RADIUS Extensions Working Group S. Winter Internet-Draft RESTENA Intended status: Experimental M. McCauley Expires:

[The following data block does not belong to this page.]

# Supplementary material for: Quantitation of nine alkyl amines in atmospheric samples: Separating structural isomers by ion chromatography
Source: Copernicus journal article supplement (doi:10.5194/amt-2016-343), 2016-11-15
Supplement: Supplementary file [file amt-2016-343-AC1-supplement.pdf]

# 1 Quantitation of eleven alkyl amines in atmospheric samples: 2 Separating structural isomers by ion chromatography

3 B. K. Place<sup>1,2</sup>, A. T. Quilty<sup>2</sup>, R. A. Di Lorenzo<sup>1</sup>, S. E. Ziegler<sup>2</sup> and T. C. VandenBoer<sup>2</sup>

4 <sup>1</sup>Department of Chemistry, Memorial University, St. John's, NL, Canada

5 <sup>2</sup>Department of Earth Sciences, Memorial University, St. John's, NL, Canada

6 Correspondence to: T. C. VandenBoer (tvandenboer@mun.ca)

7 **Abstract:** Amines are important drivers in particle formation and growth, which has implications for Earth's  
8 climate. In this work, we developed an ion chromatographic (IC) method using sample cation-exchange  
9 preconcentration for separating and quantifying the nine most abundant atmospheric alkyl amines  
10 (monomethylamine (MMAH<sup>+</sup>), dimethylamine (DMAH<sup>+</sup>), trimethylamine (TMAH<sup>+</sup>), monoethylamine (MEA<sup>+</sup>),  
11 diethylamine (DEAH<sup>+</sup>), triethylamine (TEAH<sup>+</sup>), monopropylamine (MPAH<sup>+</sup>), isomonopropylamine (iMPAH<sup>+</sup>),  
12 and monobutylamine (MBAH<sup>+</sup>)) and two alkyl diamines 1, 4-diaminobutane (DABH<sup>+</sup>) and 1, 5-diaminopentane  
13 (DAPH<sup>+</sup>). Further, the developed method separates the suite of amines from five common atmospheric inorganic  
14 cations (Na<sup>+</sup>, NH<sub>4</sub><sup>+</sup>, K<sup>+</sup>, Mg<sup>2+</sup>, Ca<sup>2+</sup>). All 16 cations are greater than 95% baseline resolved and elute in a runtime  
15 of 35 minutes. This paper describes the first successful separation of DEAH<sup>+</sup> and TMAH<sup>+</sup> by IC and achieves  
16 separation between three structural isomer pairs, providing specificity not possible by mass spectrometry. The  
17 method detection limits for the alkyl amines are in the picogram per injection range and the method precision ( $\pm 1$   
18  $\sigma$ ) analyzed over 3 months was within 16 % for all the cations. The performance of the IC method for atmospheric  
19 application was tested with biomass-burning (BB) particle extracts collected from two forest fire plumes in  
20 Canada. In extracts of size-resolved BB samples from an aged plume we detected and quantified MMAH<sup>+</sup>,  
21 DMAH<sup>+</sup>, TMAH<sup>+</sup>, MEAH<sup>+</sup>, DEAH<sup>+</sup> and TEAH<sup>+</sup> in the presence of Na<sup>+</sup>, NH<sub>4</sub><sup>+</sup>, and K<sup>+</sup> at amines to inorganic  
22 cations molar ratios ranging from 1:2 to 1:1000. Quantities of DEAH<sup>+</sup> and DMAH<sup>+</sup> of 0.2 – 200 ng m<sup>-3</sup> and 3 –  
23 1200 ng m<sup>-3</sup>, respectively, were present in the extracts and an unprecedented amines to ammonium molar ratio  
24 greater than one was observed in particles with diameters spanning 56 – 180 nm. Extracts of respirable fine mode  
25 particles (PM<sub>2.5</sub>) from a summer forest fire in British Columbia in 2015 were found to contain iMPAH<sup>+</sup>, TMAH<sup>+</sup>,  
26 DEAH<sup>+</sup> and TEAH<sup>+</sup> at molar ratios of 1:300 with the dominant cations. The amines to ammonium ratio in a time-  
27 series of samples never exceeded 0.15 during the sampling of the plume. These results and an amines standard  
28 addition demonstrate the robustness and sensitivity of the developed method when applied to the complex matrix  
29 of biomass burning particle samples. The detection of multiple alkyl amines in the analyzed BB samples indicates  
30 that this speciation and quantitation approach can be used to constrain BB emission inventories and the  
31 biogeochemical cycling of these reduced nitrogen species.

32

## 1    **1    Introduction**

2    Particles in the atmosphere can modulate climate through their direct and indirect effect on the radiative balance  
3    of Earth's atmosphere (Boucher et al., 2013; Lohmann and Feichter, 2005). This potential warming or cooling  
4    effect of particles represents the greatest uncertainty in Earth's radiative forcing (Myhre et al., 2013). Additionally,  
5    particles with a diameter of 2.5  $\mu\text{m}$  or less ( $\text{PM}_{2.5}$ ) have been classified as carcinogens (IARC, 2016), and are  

August 15,September 7, 2009 OSC S. Venaas UNINETT K. Wierenga Cisco February 11,March 06, 2009 TLS encryption for RADIUS over TCP (RadSec) draft-ietf-radext-radsec-03draft-ietf-radext-radsec-04 Status of This Memo This Internet-Draft is submitted to IETF in full conformance with the provisions of BCP 78 and BCP 79. This document may contain material from IETF Documents or IETF Contributions published or made publicly available before November 10, 2008. The person(s) controlling the copyright in some of this material may not have granted the IETF Trust the right to allow modifications of such material outside the IETF Standards Process. Without obtaining an adequate license from the person(s) controlling the copyright in such materials, this document may not be modified outside the IETF Standards Process, and derivative works of it may not be created outside the IETF Standards Process, except to format it for publication as an RFC or to translate it into languages other than English. Internet-Drafts are working documents of the Internet Engineering Task Force (IETF), its areas, and its working groups. Note that other groups may also distribute working documents as Internet- Drafts. Internet-Drafts are draft documents valid for a maximum of six months and may be updated, replaced, or obsoleted by other documents at any time. It is inappropriate to use Internet-Drafts as reference material or to cite them other than as "work in progress." The list of current Internet-Drafts can be accessed at http://www.ietf.org/ietf/1id-abstracts.txt. The list of Internet-Draft Shadow Directories can be accessed at http://www.ietf.org/shadow.html. This Internet-Draft will expire on August 15,September 7, 2009. Copyright Notice Copyright (c) 2009 IETF Trust and the persons identified as the document authors. All rights reserved. This document is subject to BCP 78 and the IETF Trust's Legal Provisions Relating to IETF Documents (http://trustee.ietf.org/license-info)in effect on the date of publication of this document.document (http://trustee.ietf.org/license-info). Please review these documents carefully, as they describe your rights and restrictions with respect to this document. Abstract This document specifies security on the transport layer (TLS) for the RADIUS protocol [RFC2865] when transmitted over TCP [I-D.dekok-radext-tcp-transport]. This enables dynamic trust relationships between RADIUS servers. Table of Contents 1. Introduction . . . . . . . . . . . . . . . . . . . . . . . . . 3 1.1. Requirements Language . . . . . . . . . . . . . . . . . . 3 1.2. Terminology . . . . . . . . . . . . . . . . . . . . . . . 4 2. Normative: Transport Layer Security for RADIUS over TCP . . . 4 2.1. TCP port and packet types . . . . . . . . . . . . . . . . 4 2.2. Connection Setup . . . . . . . . . . . . . . . . . . . . . 4 2.3. RADIUS Datagrams . . . . . . . . . . . . . . . . . . . . . 5 3. Informative: Design Decisions . . . . . . . . . . . . . . . . 7 3.1. X.509 Certificate Considerations . . . . . . . . . . . . . 7 3.2. Ciphersuites and Compression Negotiation Considerations . 78 3.3. RADIUS Datagram Considerations . . . . . . . . . . . . . . 8 4. Compatibility with other RADIUS transports . . . . . . . . . . 9 5. Diameter Compatibility . . . . . . . . . . . . . . . . . . . . 910 6. Security Considerations . . . . . . . . . . . . . . . . . . . 10 7. IANA Considerations . . . . . . . . . . . . . . . . . . . . . 1011 8. Acknowledgements . . . . . . . . . . . . . . . . . . . . . . . 11 9. References . . . . . . . . . . . . . . . . . . . . . . . . . . 11 9.1. Normative References . . . . . . . . . . . . . . . . . . . 11 9.2. Informative References . . . . . . . . . . . . . . . . . . 12 Appendix A. DNS NAPTR Peer Discovery . . . . . . . . . . . . . . 13 Appendix B.Implementation Overview: Radiator . . . . . . . . . . 1413 Appendix C.B. Implementation Overview: radsecproxy . . . . . . . . 1514 1. Introduction The RADIUS protocol [RFC2865] is a widely deployed authentication and authorisation protocol. The supplementary RADIUS Accounting specification [RFC2866] also provides accounting mechanisms, thus delivering a full AAA solution. However, RADIUS is experiencing several shortcomings, such as its dependency on the unreliable transport protocol UDP and the lack of security for large parts of its packet payload. RADIUS security is based on the MD5 algorithm, which has been proven to be insecure. The main focus of RadSec is to provide a means to secure the communication between RADIUS/TCP peers on the transport layer. The most important use of RadSec lies in roaming environments where RADIUS packets need to be transferred through different administrative domains and untrusted, potentially hostile networks. An example for a world-wide roaming environment that uses RadSec to secure communication is "eduroam", see [eduroam]. There are multiple known attacks on the MD5 algorithm which is used in RADIUS to provide integrity protection and a limited confidentiality protection. RadSec wraps the entire RADIUS packet payload into a TLS stream and thus mitigates the risk of attacks on MD5. Because of the static trust establishment between RADIUS peers (IP address and shared secret) the only scalable way of creating a massive deployment of RADIUS-servers under control by different administrative entities is to introduce some form of a proxy chain to route the access requests to their home server. This creates a lot of overhead in terms of possible points of failure, longer transmission times as well as middleboxes through which authentication traffic flows. These middleboxes may learn privacy- relevant data while forwarding requests. The new features in RadSec obsolete the use of IP addresses and shared MD5 secrets to identify other peers and thus allow the dynamic establishment of connections to peers that are not previously configured, and thus makes it possible to avoid intermediate aggregation proxies. The definition of lookup mechanisms is out of scope of this document, but an implementation of a DNS NAPTR lookup basedOne mechanism exists anddiscover RadSec peers with DNS is described as an example lookup mechanismspecified in Appendix A.[I-D.winter-dynamic-discovery]. 1.1. Requirements Language In this document, several words are used to signify the requirements of the specification. The key words "MUST", "MUST NOT", "REQUIRED", "SHALL", "SHALL NOT", "SHOULD", "SHOULD NOT", "RECOMMENDED", "MAY", and "OPTIONAL" in this document are to be interpreted as described in RFC 2119. [RFC2119] 1.2. Terminology RadSec node: a RadSec client or server RadSec Client: a RadSec instance which initiates a new connection. RadSec Server: a RadSec instance which listens on a RadSec port and accepts new connections 2. Normative: Transport Layer Security for RADIUS over TCP 2.1. TCP port and packet types The default destination port number for RadSec is TCP/2083. There are no separate ports for authentication, accounting and dynamic authorisation changes. The source port is arbitrary. 2.2. Connection Setup RadSec nodes 1. establish TCP connections as per [I-D.dekok-radext-tcp-transport] 2. negotiate TLS sessions according to [RFC5246] or its predecessor TLS 1.1. The following restrictions apply: * The authentication MUST be mutual, i.e. both the RadSec server and the RadSec client authenticate each other. * The client MUST NOT negotiate cipher suites which only provide integrity protection. * The TLS session MAY use mutual PSKs for connection setup. * The cipher suite TLS_RSA_WITH_3DES_EDE_CBC_SHARADSEC implementations MUST be supported. * Thesupport he mandatory to implement cipher suites TLS_RSA_WITH_AES_128_CBC_SHA and TLS_RSA_WITH_RC4_128_SHAspecified in TLS. For purposes of compatibility with some current deployments implementations SHOULD be supported.support TLS_RSA_WITH_RC4_128_SHA as well (see Section 3.2 (1) )). 3. If TLS is used in an X.509 certificate based operation mode, the following list of certificate validation options applies: * Implementations MUST allow to configure a list of acceptable Certification Authorities for incoming connections. * Certificate validation MUST include the verification rules as per [RFC5280]. If an SRV entry isservice names as per [RFC4985] are present in the certificate and dynamic discovery based onutilizing SRVs in DNS is used,used (see [I-D.winter-dynamic-discovery]), the SRV entry SHOULD be validated. refence x.y.z here.* Implementations SHOULD indicate their acceptable Certification Authorities as per section 7.4.4 (server side) and x.y.z ["Trusted CA Indication"] (client side) of [RFC5246] (see Section 3.1 (1) ) * Implementations SHOULD allow to configure a list of acceptable certificates, identified via certificate fingerprint. When a fingerprint configured, the fingerprint is prepended with an ASCII label identifying the hash function followed by a colon. Implementations MUST support SHA-1 as the hash algorithm and use the ASCII label "sha-1" to identify the SHA-1 algorithm. The length of a SHA-1 hash is 20 bytes and the length of the corresponding fingerprint string is 65 characters. An example certificate fingerprint is: sha- 1:E1:2D:53:2B:7C:6B:8A:29:A2:76:C8:64:36:0B:08:4B:7A:F1:9E:9D * Peer validation always includes a check on whether the DNS name or the IP address of the server that is contacted matches its certificate. DNS names and IP addresses can be contained in the Common Name (CN) or subjectAltName entries. For verification, only one these entries is to be considered. The following precedence applies: for DNS name validation, subjectAltName:DNS has precedence over CN; for IP address validation, subjectAltName:iPAddr has precedence over CN. * Implementations SHOULD allow to configure a set of acceptable values for subjectAltName:URI. 4. start exchanging RADIUS datagrams. Note Section 3.3 (1) ). The shared secret to compute the (obsolete) MD5 integrity checks and attribute encryption MUST be "radsec" (see Section 3.3 (2) ). 2.3. RADIUS Datagrams Authentication, Accounting and Authorization packets are sent according to the following rules: RadSec clients handle the following packet types from [RFC2865], [RFC2866], [RFC5176] on the connection they initiated (see Section 3.3 (3) and (4) ): o send Access-Request o send Accounting-Request o send Status-Server o send Disconnect-ACK o send Disconnect-NAK o send CoA-ACK o send CoA-NAK o receive Access-Challenge o receive Access-Accept o receive Access-Reject o receive Accounting-Response o receive Disconnect-Request o receive CoA-Request RadSec servers handle the following packet types from [RFC2865], [RFC2866], [RFC5176] on the connections they serve to clients: o receive Access-Request o receive Accounting-Request o receive Status-Server o receive Disconnect-ACK o receive Disconnect-NAK o receive CoA-ACK o receive CoA-NAK o send Access-Challenge o send Access-Accept o send Access-Reject o send Accounting-Response o send Disconnect-Request o send CoA-Request 3. Informative: Design Decisions This section explains the design decisions that led to the rules defined in the previous section. 3.1. X.509 Certificate Considerations (1) If a RadSec client is in possession of multiple certificates from different CAs (i.e. is part of multiple roaming consortia) and dynamic discovery is used, the discovery mechanism possibly does not yield sufficient information to identify the consortium uniquely (e.g. DNS discovery). Subsequently, the client may not know by itself which client certificate to use for the TLS handshake. Then it is necessary for the server to signal which consortium it belongs to, and which certificates it expects. If there is no risk of confusing multiple roaming consortia, providing this information in the handshake is not crucial. (2) If a RadSec server is in possession of multiple certificates from different CAs (i.e. is part of multiple roaming consortia), it will need to select one of its certificates to present to the RadSec client. If the client sends the Trusted CA Indication, this hint can make the server select the appropriate certificate and prevent a handshake failure. Omitting this indication makes it impossible to deterministically select the right certificate in this case. If there is no risk of confusing multiple roaming consortia, providing this indication in the handshake is not crucial. (4) If dynamic peer discovery as per [I-D.winter-dynamic-discovery] is used, peer authentication alone is not sufficient; the peer must also be authorised to perform user authentications. In these cases, the trust fabric cannot depend on peer authentication methods like DNSSEC to identify RadSec nodes. The RadSec nodes also need to be properly authorised. Typically, this can be achieved by adding appropriate authorisation fields into a X.509 certificate. Such fields include SRV authority (x.y.z... reference), subjectAltName: URI, or a defined list of certificate fingerprints. Operators of a RadSec infrastructure should define their own authorisation trust model and apply this model to the certificates. The checks enumerated in Section 2.2 provide sufficient flexibility for the implementation of authorisation trust models. 3.2. Ciphersuites and Compression Negotiation Considerations RadSec implementations need not necessarily support all TLS ciphersuites listed in [RFC5246]. Not all TLS ciphersuites are supported by available TLS tool kits and licenses may be required in some cases. The existing implementations of RadSec use OpenSSL as cryptographic backend, which supports all of the ciphersuites listed in the rules in the normative section. The TLS ciphersuite TLS_RSA_WITH_3DES_EDE_CBC_SHA is mandatory-to- implement according to [RFC5246] and thus has to be supported by RadSec nodes. The two other ciphersuites in the normative section (TLS_RSA_WITH_RC4_128_SHA and TLS_RSA_WITH_AES_128_CBC_SHA) are widely implemented in TLS toolkits and are considered good practice to implement. TLS also supports compression. Compression is an optional feature. During the RadSec conversation the client and server may negotiate compression, but must continue the conversation even if the other peer rejects compression. 3.3. RADIUS Datagram Considerations (1) After the TLS session is established, RADIUS packet payloads are exchanged over the encrypted TLS tunnel. In plain RADIUS, the packet size can be determined by evaluating the size of the datagram that arrived. Due to the stream nature of TCP and TLS, this does not hold true for RadSec packet exchange. Instead, packet boundaries of RADIUS packets that arrive in the stream are calculated by evaluating the packet's Length field. Special care needs to be taken on the packet sender side that the value of the Length field is indeed correct before sending it over the TLS tunnel, because incorrect packet lengths can no longer be detected by a differing datagram boundary. (2) Within RADIUS [RFC2865], a shared secret is used for hiding of attributes such as User-Password, as well as in computation of the Response Authenticator. In RADIUS accounting [RFC2866], the shared secret is used in computation of both the Request Authenticator and the Response Authenticator. Since TLS provides integrity protection and encryption sufficient to substitute for RADIUS application-layer security, it is not necessary to configure a RADIUS shared secret. The use of a fixed string for the obsolete shared secret eliminates possible node misconfigurations. (3) RADIUS [RFC2865] uses different UDP ports for authentication, accounting and dynamic authorisation changes. RadSec allocates a single port for all RADIUS packet types. Nevertheless, in RadSec the notion of a client which sends authentication requests and processes replies associated with it's users' sessions and the notion of a server which receives requests, processes them and sends the appropriate replies is to be preserved. The normative rules about acceptable packet types for clients and servers mirror the packet flow behaviour from RADIUS. (4) RADIUS [RFC2865] used negative ICMP responses to a newly allocated UDP port to signal that a peer RADIUS server does not support reception and processing of the packet types in [RFC5176]. These packet types are listed as to be received in RadSec implementations. Note well: it is not required for an implementation to actually process these packet types. It is sufficient that upon receiving such a packet, an unconditional NAK is sent back to indicate that the action is not supported. 4. Compatibility with other RADIUS transports Ongoing work in the IETF defines multiple alternative transports to the classic UDP transport model as defined in [RFC2865], namely RADIUS over TCP [I-D.dekok-radext-tcp-transport], RADIUS over DTLS [I-D.dekok-radext-dtls] and the present document on RadSec. RadSec does not specify any inherent backwards compatibility to classic RADIUS or cross compatibility to the other transports, i.e. an implementation which implements RadSec only will not be able to receive or send RADIUS packet payloads over other transports. An implementation wishing to be backward or cross compatible (i.e. wishes to serve clients using other transports than RadSec) will need to implement the other transports and RadSec transport and be prepared to send and receive on all implemented transports, which is called a multi-stack implementation. If a given IP device is able to receive RADIUS payloads on multiple transports, this may or may not be the same instance of software, and it may or may not serve the same purposes. It is not safe to assume that both ports are interchangeable. In particular, it can not be assumed that state is maintained for the packet payloads between the transports. Two such instances MUST be considered separate RADIUS server entities. As a consequence, the selection of transports to communicate from a client to a server is a manual administrative action. An automatic fallback to classic RADIUS is NOT RECOMMENDED, as it may lead to down-bidding attacks on the peer communication. 5. Diameter Compatibility Since RadSec is only a new transport profile for RADIUS, compatibility of RadSec - Diameter [RFC3588] vs. RADIUS [RFC2865] - Diameter [RFC3588] is identical. The considerations regarding payload size in [I-D.dekok-radext-tcp-transport] apply. 6. Security Considerations The computational resources to establish a TLS tunnel are significantly higher than simply sending mostly unencrypted UDP datagrams. Therefore, clients connecting to a RadSec node will more easily create high load conditions and a malicious client might create a Denial-of-Service attack more easily. In the case of dynamic peer discovery as per [I-D.winter-dynamic-discovery], a RadSec node needs to be able to accept connections from a large, not previously known, group of hosts, possibly the whole internet. In this case, the server's RadSec port can not be protected from unauthorised connection attempts with measures on the network layer, i.e. access lists and firewalls. This opens more attack vectors for Distributed Denial of Service attacks, just like any other service that is supposed to serve arbitrary clients (like for example web servers). In the case of dynamic peer discovery as per [I-D.winter-dynamic-discovery], X.509 certificates are the only proof of authorisation for a connecting RadSec nodes. Special care needs to be taken that certificates get verified properly according to the chosen trust model (particularly: consulting CRLs, checking critical extensions, checking subjectAltNames etc.) to prevent unauthorised connections. Some TLS ciphersuites only provide integrity validation of their payload, and provide no encryption. This specification forbids the use of such ciphersuites. Since the RADIUS payload's shared secret is fixed and well-known, failure to comply with this requirement will expose the entire datagram payload in plain text, including User- Password, to intermediate IP nodes. If peer communication between two devices is configured for both RadSec and classic RADIUS, a failover from RadSec to classic RADIUS opens the way for a down-bidding attack if an adversary can maliciously close the TCP connection, or prevent it from being established. In this case, security of the packet payload is reduced from the selected TLS cipher suite packet encryption to the classic MD5 per-attribute encryption. 7. IANA Considerations This document has no actions for IANA.The TCP port 2083 was already previously assigned by IANA for RadSec. No new RADIUS attributes or packet codes are defined. 8. AcknowledgementsRadSec version 1 was firsttransport provides authentication and encryption between RADIUS peers. In the presence of proxies, the intermediate proxies can still inspect the individual RADIUS packets, i.e. "end-to-end" encryption is not provided. Where intermediate proxies are untrusted, it is desirable to use other RADIUS mechanisms to prevent RADIUS packet payload from inspection by such proxies. One common method to protect passwords is the use of EAP methods which utilize TLS. 7. IANA Considerations This document has no actions for IANA. The TCP port 2083 was already previously assigned by IANA for RadSec. No new RADIUS attributes or packet codes are defined. 8. Acknowledgements RadSec version 1 was first implemented by Open Systems Consultants, Currumbin Waters, Australia, for their "Radiator" RADIUS server product (see [radsec-whitepaper]). Funding and input for the development of this Internet Draft was provided by the European Commission co-funded project "GEANT2" [geant2] and further feedback was provided by the TERENA Task Force Mobility [terena]. 9. References 9.1. Normative References [RFC2119] Bradner, S., "Key words for use in RFCs to Indicate Requirement Levels", BCP 14, RFC 2119, March 1997. [RFC2865] Rigney, C., Willens, S., Rubens, A., and W. Simpson, "Remote Authentication Dial In User Service (RADIUS)", RFC 2865, June 2000. [RFC2866] Rigney, C., "RADIUS Accounting", RFC 2866, June 2000. [RFC4985] Santesson, S., "Internet X.509 Public Key Infrastructure Subject Alternative Name for Expression of Service Name", RFC 4985, August 2007. [RFC5280] Cooper, D., Santesson, S., Farrell, S., Boeyen, S., Housley, R., and W. Polk, "Internet X.509 Public Key Infrastructure Certificate and Certificate Revocation List (CRL) Profile", RFC 5280, May 2008. [RFC5176] Chiba, M., Dommety, G., Eklund, M., Mitton, D., and B. Aboba, "Dynamic Authorization Extensions to Remote Authentication Dial In User Service (RADIUS)", RFC 5176, January 2008. [RFC5246] Dierks, T. and E. Rescorla, "The Transport Layer Security (TLS) Protocol Version 1.2", RFC 5246, August 2008. [I-D.dekok-radext-tcp-transport] DeKok, A., "RADIUS Over TCP", draft-dekok-radext-tcp-transport-01 (work in progress), November 2008. 9.2. Informative References [I-D.dekok-radext-dtls] DeKok, A., "DTLS as a Transport Layer for RADIUS", draft-dekok-radext-dtls-00 (work in progress), February 2007. [I-D.winter-dynamic-discovery] Winter, S., "DynamicS. and M. McCauley, "NAI- based Dynamic Peer Discovery for RADIUS over TLDTLS and DTLS", draft-winter-dynamic-discovery-00 (work in progress), February 2009. [RFC3588] Calhoun, P., Loughney, J., Guttman, E., Zorn, G., and J. Arkko, "Diameter Base Protocol", RFC 3588, September 2003. [radsec-whitepaper] Open System Consultants, "RadSec - a secure, reliable RADIUS Protocol", May 2005, <http:// www.open.com.au/radiator/ radsec-whitepaper.pdf>. [radiator-manual] Open System Consultants, "Radiator Radius Server - Installation and Reference Manual", 2006, <http:// www.open.com.au/radiator/ref.html>. [radsecproxy-impl] Venaas, S., "radsecproxy Project Homepage", 2007, <http:// software.uninett.no/radsecproxy/>. [eduroam] Trans-European Research and Education Networking Association, "eduroam Homepage", 2007, <http://www.eduroam.org/>. [geant2] Delivery of Advanced Network Technology to Europe, "European Commission Information Society and Media: GEANT2", 2008, <http://www.geant2.net/>. [terena] TERENA, "Trans-European Research and Education Networking Association", 2008, <http://www.terena.org/>. Appendix A. DNS NAPTR Peer Discovery The following text is paraphrased from the file goodies/dnsroam.cfg in the Radiator distribution; further documentation of the <AuthBy DNSROAM> feature in Radiator can be found at [radiator-manual]. It describes an algorithm to retrieve the RadSec route information from the global DNS using NAPTR and SRV records. The input of the algorithm is the realm part of the user name. The following algorithm is used to discover a target server from a Realm using DNS: 1. Look for NAPTR records for the Realm. If found, continue at step 2, otherwise continue at step 4. 2. For each NAPTR record found, examine the Service field and use that to determine the transport protocol and TLS requirements for the server. The Service field starts with 'AAA' for insecure and 'AAAS' for TLS secured. The Service field contains '+RADSECS' for RadSec over SCTP, '+RADSECT' for RadSec over TCP or '+RADIUS' for RADIUS protocol over UDP. The most common Service field you will see will be 'AAAS+RADSECT' for TLS secured RadSec over TCP. 3. A. If the NAPTR has the 'S' flag, look for SRV records for the name. For each SRV record found, note the Port number and then look for A and AAAA records corresponding to the name in the SRV record. B. If the NAPTR has the 'A' flag, look for a A and AAAA records for the name. 4. All A and AAAA records found are ordered according to their Order and Preference fields. The most preferable server address is used as the target server address, along with any other server attributes discovered from DNS. If no SRV record was found for the address, the DNSROAM configured Port is used. Algorithm terminates. 5. Look for A and AAAA records on the literal realm name, preceded by "_radsec._tcp.". For example, if the realm is 'example.com', it looks for the record '_radsec._tcp.example.com'. If more than one result is returned, no ordering is assumed. Algorithm terminates. For example, if the User-Name realm was 'example.com', and DNS contained the following records: example.com. IN NAPTR 50 50 "s" "AAAS+RADSECT" "" _radsec._tcp.example.com. _radsec._tcp.example.com. IN SRV 0 10 2083 radsec.example.com. radsec.example.com. IN AAAA 2001:0DB8::202:44ff:fe0a:f704 Then the target selected would be a RadSec server on port 2083 at IPv6 address 2001:0DB8::202:44ff:fe0a:f704. The connection would be made over TCP/IP, and TLS encryption would be used. This complete specification of the realm is the most flexible one and is recommended. Appendix B.Implementation Overview: Radiator Radiator implements the RadSec protocol for proxying requests with the <Authby RADSEC> and <ServerRADSEC> clauses in the Radiator configuration file. The <AuthBy RADSEC> clause defines a RadSec client, and causes Radiator to send RADIUS requests to the configured RadSec server using the RadSec protocol. The <ServerRADSEC> clause defines a RadSec server, and causes Radiator to listen on the configured port and address(es) for connections from <Authby RADSEC> clients. When an <Authby RADSEC> client connects to a <ServerRADSEC> server, the client sends RADIUS requests through the stream to the server. The server then handles the request in the same way as if the request had been received from a conventional UDP RADIUS client. Radiator is compliant to version 2 of RadSec if the following options are used: <AuthBy RADSEC> * Protocol tcp * UseTLS * TLS_CertificateFile * Secret radsec <ServerRADSEC> * Protocol tcp * UseTLS * TLS_RequireClientCert * Secret radsec As of Radiator 3.15, the default shared secret for RadSec connections is configurable and defaults to "mysecret" (without quotes). For compliance with this document, this setting needs to be configured for the shared secret "radsec". The implementation uses TCP keepalive socket options, but does not send Status-Server packets. Once established, TLS connections are kept open throughout the server instance lifetime. Appendix C.B. Implementation Overview: radsecproxy The RADIUS proxy named radsecproxy was written in order to allow use of RadSec in current RADIUS deployments. This is a generic proxy that supports any number and combination of clients and servers, supporting RADIUS over UDP and RadSec. The main idea is that it can be used on the same host as a non-RadSec client or server to ensure RadSec is used on the wire, however as a generic proxy it can be used in other circumstances as well. The configuration file consists of client and server clauses, where there is one such clause for each client or server. In such a clause one specifies either "type tls" or "type udp" for RadSec or UDP transport. For RadSec the default shared secret "mysecret" (without quotes), the same as Radiator, is used. A secret may be specified by putting say "secret somesharedsecret" inside a client or server clause. In order to use TLS for clients and/or servers, one must also specify where to locate CA certificates, as well as certificate and key for the client or server. This is done in a TLS clause. There may be one or several TLS clauses. A client or server clause may reference a particular TLS clause, or just use a default one. One use for multiple TLS clauses may be to present one certificate to clients and another to servers. If any RadSec (TLS) clients are configured, the proxy will at startup listen on port 2083, as assigned by IANA for the OSC RadSec implementation. An alternative port may be specified. When a client connects, the client certificate will be verified, including checking that the configured FQDN or IP address matches what is in the certificate. Requests coming from a RadSec client are treated exactly like requests from UDP clients. The proxy will at startup try to establish a TLS connection to each (if any) of the configured RadSec (TLS) servers. If it fails to connect to a server, it will retry regularly. There is some back-off where it will retry quickly at first, and with longer intervals later. If a connection to a server goes down it will also start retrying regularly. When setting up the TLS connection, the server certificate will be verified, including checking that the configured FQDN or IP address matches what is in the certificate. Requests are sent to a RadSec server just like they would to a UDP server. The proxy supports Status-Server messages. They are only sent to a server if enabled for that particular server. Status-Server requests are always responded to. This RadSec implementation has been successfully tested together with Radiator. It is a freely available open-source implementation. For source code and documentation, see [radsecproxy-impl]. Authors' Addresses Stefan Winter Fondation RESTENA 6, rue Richard Coudenhove-Kalergi Luxembourg 1359 LUXEMBOURG Phone: +352 424409 1 Fax: +352 422473 EMail: email@example.com URI: http://www.restena.lu. Mike McCauley Open Systems Consultants 9 Bulbul Place Currumbin Waters QLD 4223 AUSTRALIA Phone: +61 7 5598 7474 Fax: +61 7 5598 7070 EMail: firstname.lastname@example.org URI: http://www.open.com.au. Stig Venaas UNINETT Abels gate 5 - Teknobyen Trondheim 7465 NORWAY Phone: +47 73 55 79 00 Fax: +47 73 55 79 01 EMail: email@example.com URI: http://www.uninett.no. Klaas Wierenga Cisco Systems International BV Haarlerbergweg 13-19 Amsterdam 1101 CH The Netherlands Phone: +31 (0)20 3571752 Fax: EMail: firstname.lastname@example.org URI: http://www.cisco.com.